At the beginning of the match, the sides, who serves and who serve-receives is usually decided by a coin flip, if it is an official match. In other leagues or tournaments, it can be decided by rock-paper-scissors, or our favorite, hunter-princess-bear. The winner gets to choose if they want to receive the first ball, serve the first ball, or choose which side they are going to start on. When you win the coin flip, you choose if you want to start on a certain side or if you want to serve/serve receive.
MAY THE ODDS BE EVER IN YOUR FAVOR?
I know we have all heard that, a time or two. There is a rotation that has to be followed. When you are playing indoor volleyball or 6 on 6, there are usually three front row players and three back row players. If you are a front row player, it means that you can jump, block, and hit close to the net. If you are a back row player, then there is a three meter or ten foot line where you must jump from behind. It is okay if you land in front of that line after attacking. You just have to come from behind it if you want to spike.
Now, for 6 on 6 beach volleyball, there really is no ten foot line. If you are playing, you can pretty much hit from anywhere. We just like to have our front row hitters spike on the net and the back row players play defense and pass. As far as rotations go, for indoor, you are going to rotate clockwise in a circle and the person that ends up in the back right of the court, also called Zone 1, is due to serve. You rotate into that one spot and then that person serves.
Knowing this, most players on advanced teams do not stay in those positions. After the serve, everyone goes to the position that they play in. There is usually a setter, middle blocker, an outside hitter, and a right side hitter, or opposite. Some teams can have a libero, which is a defensive specialist.
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When you are playing beach volleyball, any time your team receives the serve and wins the point, you have to switch servers. So, if you are serving and win that point, you do not switch servers. You will continue serving until the other team scores the point. At this time, they will take the serve and their next server will serve the ball to you. When you get the ball back, this is when your next server is played in the rotation. You are always alternating servers.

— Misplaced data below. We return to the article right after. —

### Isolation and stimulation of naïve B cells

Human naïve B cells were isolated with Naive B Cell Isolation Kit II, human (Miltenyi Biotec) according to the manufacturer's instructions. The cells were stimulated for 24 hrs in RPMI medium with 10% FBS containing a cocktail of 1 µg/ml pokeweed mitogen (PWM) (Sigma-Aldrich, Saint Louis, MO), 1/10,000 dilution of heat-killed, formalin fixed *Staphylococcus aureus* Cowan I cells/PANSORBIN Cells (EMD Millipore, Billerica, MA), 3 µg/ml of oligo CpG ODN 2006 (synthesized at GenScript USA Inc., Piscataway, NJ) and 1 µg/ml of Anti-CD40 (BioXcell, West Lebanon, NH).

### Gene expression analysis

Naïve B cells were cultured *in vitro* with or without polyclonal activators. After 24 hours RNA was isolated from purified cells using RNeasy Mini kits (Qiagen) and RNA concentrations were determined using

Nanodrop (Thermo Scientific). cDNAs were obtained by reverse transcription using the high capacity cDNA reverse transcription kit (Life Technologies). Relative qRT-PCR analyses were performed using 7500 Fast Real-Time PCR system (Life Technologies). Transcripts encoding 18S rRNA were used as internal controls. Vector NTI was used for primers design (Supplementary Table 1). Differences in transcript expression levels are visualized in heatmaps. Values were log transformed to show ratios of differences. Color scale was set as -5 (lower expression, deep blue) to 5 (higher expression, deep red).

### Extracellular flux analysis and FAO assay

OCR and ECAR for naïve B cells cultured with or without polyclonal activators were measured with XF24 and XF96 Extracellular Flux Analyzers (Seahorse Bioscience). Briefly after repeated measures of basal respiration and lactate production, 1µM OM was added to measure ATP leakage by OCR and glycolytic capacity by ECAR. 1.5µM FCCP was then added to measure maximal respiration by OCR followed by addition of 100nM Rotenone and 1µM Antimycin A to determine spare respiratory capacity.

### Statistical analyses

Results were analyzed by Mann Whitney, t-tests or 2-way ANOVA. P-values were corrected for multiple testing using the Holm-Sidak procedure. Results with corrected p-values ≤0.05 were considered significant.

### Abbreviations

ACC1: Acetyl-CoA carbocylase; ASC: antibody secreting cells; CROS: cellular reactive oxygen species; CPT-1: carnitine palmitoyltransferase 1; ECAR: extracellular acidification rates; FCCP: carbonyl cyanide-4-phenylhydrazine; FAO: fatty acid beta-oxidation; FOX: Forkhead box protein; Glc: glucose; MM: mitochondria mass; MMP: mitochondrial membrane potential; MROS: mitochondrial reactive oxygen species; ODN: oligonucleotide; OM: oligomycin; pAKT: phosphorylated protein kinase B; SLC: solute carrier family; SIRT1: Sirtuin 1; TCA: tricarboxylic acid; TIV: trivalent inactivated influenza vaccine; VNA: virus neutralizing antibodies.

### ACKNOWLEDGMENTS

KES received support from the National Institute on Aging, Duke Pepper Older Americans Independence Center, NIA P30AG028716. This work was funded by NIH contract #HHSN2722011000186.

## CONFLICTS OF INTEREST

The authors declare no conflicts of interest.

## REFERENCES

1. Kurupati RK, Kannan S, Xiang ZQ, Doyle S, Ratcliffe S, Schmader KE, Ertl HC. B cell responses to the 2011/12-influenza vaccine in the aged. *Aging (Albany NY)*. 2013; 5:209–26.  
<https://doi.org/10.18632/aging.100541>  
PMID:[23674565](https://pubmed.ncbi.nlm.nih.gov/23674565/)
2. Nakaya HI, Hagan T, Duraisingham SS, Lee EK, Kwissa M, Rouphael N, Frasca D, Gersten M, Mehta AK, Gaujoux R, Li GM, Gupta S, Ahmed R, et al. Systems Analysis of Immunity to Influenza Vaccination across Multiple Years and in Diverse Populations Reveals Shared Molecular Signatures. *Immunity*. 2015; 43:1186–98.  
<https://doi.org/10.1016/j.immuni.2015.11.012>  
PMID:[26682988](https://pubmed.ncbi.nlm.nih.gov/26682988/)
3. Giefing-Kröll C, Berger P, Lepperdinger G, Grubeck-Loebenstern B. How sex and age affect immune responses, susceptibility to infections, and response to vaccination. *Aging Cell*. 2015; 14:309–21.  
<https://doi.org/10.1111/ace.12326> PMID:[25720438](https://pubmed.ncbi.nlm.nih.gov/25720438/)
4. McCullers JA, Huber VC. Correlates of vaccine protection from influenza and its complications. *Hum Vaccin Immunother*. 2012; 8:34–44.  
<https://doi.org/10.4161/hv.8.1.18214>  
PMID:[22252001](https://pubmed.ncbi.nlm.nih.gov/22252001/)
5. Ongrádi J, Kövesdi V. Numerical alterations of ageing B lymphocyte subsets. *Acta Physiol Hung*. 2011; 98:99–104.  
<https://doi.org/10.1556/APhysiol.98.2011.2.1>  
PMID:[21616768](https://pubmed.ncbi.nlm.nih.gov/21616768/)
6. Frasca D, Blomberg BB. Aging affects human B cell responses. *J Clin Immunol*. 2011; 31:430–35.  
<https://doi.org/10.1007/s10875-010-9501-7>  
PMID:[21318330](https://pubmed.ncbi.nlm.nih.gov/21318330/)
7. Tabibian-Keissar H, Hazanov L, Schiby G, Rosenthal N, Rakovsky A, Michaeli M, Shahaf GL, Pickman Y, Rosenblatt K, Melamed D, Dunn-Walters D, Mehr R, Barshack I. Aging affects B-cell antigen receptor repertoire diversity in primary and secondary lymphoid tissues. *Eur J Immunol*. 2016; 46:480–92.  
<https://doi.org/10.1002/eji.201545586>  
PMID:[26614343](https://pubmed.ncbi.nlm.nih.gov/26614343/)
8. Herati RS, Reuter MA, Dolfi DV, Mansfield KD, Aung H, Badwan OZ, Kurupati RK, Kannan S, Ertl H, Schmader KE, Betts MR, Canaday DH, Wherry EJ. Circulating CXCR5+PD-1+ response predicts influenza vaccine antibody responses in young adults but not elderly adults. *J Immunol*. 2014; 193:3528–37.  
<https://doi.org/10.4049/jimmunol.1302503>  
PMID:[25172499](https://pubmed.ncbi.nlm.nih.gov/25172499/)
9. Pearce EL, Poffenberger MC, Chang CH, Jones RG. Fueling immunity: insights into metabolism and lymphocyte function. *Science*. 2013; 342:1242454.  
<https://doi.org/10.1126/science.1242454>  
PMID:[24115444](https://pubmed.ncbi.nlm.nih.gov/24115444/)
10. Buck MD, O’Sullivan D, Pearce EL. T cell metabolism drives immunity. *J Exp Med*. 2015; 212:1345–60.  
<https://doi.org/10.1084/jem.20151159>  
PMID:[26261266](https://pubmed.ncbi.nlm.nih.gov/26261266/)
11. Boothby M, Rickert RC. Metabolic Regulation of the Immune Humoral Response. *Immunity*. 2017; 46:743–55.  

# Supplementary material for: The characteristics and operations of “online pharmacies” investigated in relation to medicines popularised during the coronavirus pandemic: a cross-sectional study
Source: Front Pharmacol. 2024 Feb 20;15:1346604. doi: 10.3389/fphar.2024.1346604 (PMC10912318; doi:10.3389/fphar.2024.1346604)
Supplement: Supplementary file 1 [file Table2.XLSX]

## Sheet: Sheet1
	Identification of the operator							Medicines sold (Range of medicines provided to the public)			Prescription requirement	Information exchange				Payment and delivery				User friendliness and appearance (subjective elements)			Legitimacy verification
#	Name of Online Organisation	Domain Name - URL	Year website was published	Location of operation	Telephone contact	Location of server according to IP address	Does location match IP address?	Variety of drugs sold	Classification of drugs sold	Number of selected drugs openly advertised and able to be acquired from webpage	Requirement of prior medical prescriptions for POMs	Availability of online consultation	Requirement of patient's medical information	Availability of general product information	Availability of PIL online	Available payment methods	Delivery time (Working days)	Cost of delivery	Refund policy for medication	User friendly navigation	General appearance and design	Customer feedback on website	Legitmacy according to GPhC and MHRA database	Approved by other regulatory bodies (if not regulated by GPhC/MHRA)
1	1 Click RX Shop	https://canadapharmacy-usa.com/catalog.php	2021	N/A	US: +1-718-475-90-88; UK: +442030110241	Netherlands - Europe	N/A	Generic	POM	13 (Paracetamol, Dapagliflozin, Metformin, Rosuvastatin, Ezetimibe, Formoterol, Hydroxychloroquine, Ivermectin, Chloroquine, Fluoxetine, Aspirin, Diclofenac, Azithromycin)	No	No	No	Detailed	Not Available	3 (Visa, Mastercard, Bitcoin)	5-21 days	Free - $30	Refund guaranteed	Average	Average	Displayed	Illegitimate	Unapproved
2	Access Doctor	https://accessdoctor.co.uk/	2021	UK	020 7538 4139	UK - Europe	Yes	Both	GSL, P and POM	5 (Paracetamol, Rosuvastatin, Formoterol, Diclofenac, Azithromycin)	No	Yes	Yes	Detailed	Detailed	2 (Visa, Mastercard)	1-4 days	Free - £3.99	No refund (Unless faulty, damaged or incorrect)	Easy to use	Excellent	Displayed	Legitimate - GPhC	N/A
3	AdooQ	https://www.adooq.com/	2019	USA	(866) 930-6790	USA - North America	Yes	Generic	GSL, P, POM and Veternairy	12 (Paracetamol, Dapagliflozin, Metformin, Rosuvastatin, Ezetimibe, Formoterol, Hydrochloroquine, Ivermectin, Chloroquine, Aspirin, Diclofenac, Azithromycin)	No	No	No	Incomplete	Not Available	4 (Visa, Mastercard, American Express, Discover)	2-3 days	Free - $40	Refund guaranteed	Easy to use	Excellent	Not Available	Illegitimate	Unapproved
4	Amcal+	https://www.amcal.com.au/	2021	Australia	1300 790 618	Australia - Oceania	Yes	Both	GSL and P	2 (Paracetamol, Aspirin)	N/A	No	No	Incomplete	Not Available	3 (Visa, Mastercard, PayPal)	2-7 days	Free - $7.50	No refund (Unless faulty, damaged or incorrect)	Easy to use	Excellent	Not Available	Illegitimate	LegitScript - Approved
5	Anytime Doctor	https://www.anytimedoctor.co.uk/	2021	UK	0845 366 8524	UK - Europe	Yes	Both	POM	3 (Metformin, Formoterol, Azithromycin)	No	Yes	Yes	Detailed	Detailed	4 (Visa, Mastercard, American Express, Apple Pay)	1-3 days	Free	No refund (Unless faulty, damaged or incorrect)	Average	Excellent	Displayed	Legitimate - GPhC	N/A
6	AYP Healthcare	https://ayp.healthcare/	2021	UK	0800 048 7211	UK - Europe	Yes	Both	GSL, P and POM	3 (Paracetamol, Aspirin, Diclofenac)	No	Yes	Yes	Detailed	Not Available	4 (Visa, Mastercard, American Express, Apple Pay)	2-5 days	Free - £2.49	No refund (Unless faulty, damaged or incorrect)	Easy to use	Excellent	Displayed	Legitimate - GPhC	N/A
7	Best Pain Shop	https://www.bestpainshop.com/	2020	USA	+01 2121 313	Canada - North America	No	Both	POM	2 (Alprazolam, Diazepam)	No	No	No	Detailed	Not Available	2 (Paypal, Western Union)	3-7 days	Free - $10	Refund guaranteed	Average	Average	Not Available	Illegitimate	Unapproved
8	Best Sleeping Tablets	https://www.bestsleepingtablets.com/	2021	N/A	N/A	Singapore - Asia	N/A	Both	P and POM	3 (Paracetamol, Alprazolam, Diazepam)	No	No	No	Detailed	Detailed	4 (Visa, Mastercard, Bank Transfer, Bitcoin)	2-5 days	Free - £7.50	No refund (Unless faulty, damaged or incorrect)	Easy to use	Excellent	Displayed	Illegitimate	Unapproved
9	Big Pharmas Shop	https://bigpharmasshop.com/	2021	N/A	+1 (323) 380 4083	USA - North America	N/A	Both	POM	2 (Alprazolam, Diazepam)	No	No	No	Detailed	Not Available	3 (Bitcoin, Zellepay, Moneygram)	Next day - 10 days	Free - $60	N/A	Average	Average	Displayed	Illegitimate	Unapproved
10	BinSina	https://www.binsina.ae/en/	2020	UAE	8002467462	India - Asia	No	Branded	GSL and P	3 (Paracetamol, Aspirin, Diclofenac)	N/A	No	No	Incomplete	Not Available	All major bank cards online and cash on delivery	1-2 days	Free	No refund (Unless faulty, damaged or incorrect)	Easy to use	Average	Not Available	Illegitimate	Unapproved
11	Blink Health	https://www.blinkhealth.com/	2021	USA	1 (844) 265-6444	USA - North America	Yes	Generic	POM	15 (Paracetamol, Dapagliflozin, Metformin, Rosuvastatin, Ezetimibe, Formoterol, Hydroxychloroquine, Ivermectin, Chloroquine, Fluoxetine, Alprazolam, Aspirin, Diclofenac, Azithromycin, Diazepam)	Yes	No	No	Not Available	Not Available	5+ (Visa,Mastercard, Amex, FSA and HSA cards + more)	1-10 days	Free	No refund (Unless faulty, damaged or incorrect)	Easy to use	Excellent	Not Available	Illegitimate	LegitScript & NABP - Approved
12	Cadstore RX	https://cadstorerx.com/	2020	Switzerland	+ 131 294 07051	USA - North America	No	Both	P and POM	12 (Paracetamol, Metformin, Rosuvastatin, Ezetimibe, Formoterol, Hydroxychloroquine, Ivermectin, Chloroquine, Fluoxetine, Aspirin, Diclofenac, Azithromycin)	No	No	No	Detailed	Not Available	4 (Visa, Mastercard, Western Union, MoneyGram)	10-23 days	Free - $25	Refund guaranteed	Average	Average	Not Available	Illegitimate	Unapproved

In beach volleyball, you usually have someone that specializes on the right side, left side as well as you have one specific blocker, who protects the net on defense, and one specific defender. Both players in beach volleyball are spikers, passers, and setters. That is very different from indoor volleyball where there are very clear positions.
If you want to learn more about beach volleyball specific positions and what attributes and responsibilities you have, check out our previous video where we go further into detail.
For both indoor and beach volleyball, if the ball lands on the line, the ball is ruled in and the point awarded to the appropriate team. "I saw the line move!" Looks can be deceiving. In beach volleyball, sometimes there is sand splash that makes the line wiggle or move. You, then, have to determine, did the ball land on the line or hit the line on its landing? If the lines move during the point, and the ball lands somewhere around where that line started then the referee and the players, after the point, can reset the lines to where they started. If the ball would have landed inside the court or on the line, then it is ruled good. Always remember to check the lines when the play starts. Wherever the lines start during that point, that is where the boundaries are. If they get kicked and moved throughout the point, at the end, you are allowed to reset the lines into their original location to determine if a ball was in or out.
You are not allowed to touch the net while in the action of playing the ball. What does that mean? That means if you are trying to block somebody and touch the net, you are trying to play the ball and stop them. So, if you touch the net, it is illegal and it is the other team’s point. "But, I didn't mean to touch the net!" If you are spiking and accidentally hit the net, it is still illegal. If you are randomly hanging out and accidentally brush the net, that is okay but don’t mess with it. You don’t want to give the refs a reason to make you lose the point.
Key point - DO NOT TOUCH THE NET. You will lose a point.
Straight facts. Indoor volleyball courts are 9m by 9m and beach volleyball courts are 8m by 8m. The net heights are 7’ 11 ⅝” for men’s beach volleyball, and 7’ 4 ⅛” for women’s beach volleyball. We talk about volleyball courts, dimensions, net heights and how to build your own court in this previous BLOG and VIDEO.